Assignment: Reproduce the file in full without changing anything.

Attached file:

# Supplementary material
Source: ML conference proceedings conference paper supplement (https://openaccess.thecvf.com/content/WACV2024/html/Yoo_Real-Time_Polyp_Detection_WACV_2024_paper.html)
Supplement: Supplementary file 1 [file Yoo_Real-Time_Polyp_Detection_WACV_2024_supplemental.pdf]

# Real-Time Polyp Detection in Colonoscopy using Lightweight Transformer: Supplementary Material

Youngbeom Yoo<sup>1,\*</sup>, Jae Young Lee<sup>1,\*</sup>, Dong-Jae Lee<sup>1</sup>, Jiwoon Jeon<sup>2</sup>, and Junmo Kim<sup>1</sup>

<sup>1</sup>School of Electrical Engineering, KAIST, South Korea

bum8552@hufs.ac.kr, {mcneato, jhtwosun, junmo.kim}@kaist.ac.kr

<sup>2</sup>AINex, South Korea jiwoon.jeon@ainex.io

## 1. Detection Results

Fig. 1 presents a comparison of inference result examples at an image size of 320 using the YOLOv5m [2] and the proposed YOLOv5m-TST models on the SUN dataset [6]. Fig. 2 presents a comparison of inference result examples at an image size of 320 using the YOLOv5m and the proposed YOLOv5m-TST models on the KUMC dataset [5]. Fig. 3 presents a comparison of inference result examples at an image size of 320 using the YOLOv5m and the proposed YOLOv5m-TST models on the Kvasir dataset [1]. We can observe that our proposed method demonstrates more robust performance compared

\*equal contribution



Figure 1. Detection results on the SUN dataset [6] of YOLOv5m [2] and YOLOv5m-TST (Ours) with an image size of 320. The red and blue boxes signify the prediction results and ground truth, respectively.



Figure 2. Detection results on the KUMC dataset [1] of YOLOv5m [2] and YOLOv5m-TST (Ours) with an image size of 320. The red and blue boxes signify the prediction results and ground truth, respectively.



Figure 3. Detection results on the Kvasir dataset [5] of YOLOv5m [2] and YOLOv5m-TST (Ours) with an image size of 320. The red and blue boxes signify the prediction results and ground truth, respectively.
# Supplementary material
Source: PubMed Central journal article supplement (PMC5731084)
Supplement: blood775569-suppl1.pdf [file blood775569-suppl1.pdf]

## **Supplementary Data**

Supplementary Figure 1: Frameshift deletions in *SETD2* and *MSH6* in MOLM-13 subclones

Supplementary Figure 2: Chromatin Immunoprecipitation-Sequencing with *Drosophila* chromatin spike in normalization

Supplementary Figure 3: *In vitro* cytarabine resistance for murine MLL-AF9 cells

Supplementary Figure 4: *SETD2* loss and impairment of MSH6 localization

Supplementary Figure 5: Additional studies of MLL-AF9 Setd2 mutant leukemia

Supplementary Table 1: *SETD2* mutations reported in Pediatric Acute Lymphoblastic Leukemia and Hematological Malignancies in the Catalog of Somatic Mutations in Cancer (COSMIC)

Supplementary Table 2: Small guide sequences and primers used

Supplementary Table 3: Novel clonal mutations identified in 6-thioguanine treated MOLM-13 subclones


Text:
# Supplementary material
Source: ML conference proceedings conference paper supplement (https://openaccess.thecvf.com/content/WACV2024/html/Yoo_Real-Time_Polyp_Detection_WACV_2024_paper.html)
Supplement: Supplementary file 1 [file Yoo_Real-Time_Polyp_Detection_WACV_2024_supplemental.pdf]

# Real-Time Polyp Detection in Colonoscopy using Lightweight Transformer: Supplementary Material

Youngbeom Yoo<sup>1,\*</sup>, Jae Young Lee<sup>1,\*</sup>, Dong-Jae Lee<sup>1</sup>, Jiwoon Jeon<sup>2</sup>, and Junmo Kim<sup>1</sup>

<sup>1</sup>School of Electrical Engineering, KAIST, South Korea

bum8552@hufs.ac.kr, {mcneato, jhtwosun, junmo.kim}@kaist.ac.kr

<sup>2</sup>AINex, South Korea jiwoon.jeon@ainex.io

## 1. Detection Results

Fig. 1 presents a comparison of inference result examples at an image size of 320 using the YOLOv5m [2] and the proposed YOLOv5m-TST models on the SUN dataset [6]. Fig. 2 presents a comparison of inference result examples at an image size of 320 using the YOLOv5m and the proposed YOLOv5m-TST models on the KUMC dataset [5]. Fig. 3 presents a comparison of inference result examples at an image size of 320 using the YOLOv5m and the proposed YOLOv5m-TST models on the Kvasir dataset [1]. We can observe that our proposed method demonstrates more robust performance compared

\*equal contribution



Figure 1. Detection results on the SUN dataset [6] of YOLOv5m [2] and YOLOv5m-TST (Ours) with an image size of 320. The red and blue boxes signify the prediction results and ground truth, respectively.



Figure 2. Detection results on the KUMC dataset [1] of YOLOv5m [2] and YOLOv5m-TST (Ours) with an image size of 320. The red and blue boxes signify the prediction results and ground truth, respectively.



Figure 3. Detection results on the Kvasir dataset [5] of YOLOv5m [2] and YOLOv5m-TST (Ours) with an image size of 320. The red and blue boxes signify the prediction results and ground truth, respectively.
# Supplementary material
Source: PubMed Central journal article supplement (PMC5731084)
Supplement: blood775569-suppl1.pdf [file blood775569-suppl1.pdf]

## **Supplementary Data**

Supplementary Figure 1: Frameshift deletions in *SETD2* and *MSH6* in MOLM-13 subclones

Supplementary Figure 2: Chromatin Immunoprecipitation-Sequencing with *Drosophila* chromatin spike in normalization

Supplementary Figure 3: *In vitro* cytarabine resistance for murine MLL-AF9 cells

Supplementary Figure 4: *SETD2* loss and impairment of MSH6 localization

Supplementary Figure 5: Additional studies of MLL-AF9 Setd2 mutant leukemia

Supplementary Table 1: *SETD2* mutations reported in Pediatric Acute Lymphoblastic Leukemia and Hematological Malignancies in the Catalog of Somatic Mutations in Cancer (COSMIC)

Supplementary Table 2: Small guide sequences and primers used

Supplementary Table 3: Novel clonal mutations identified in 6-thioguanine treated MOLM-13 subclones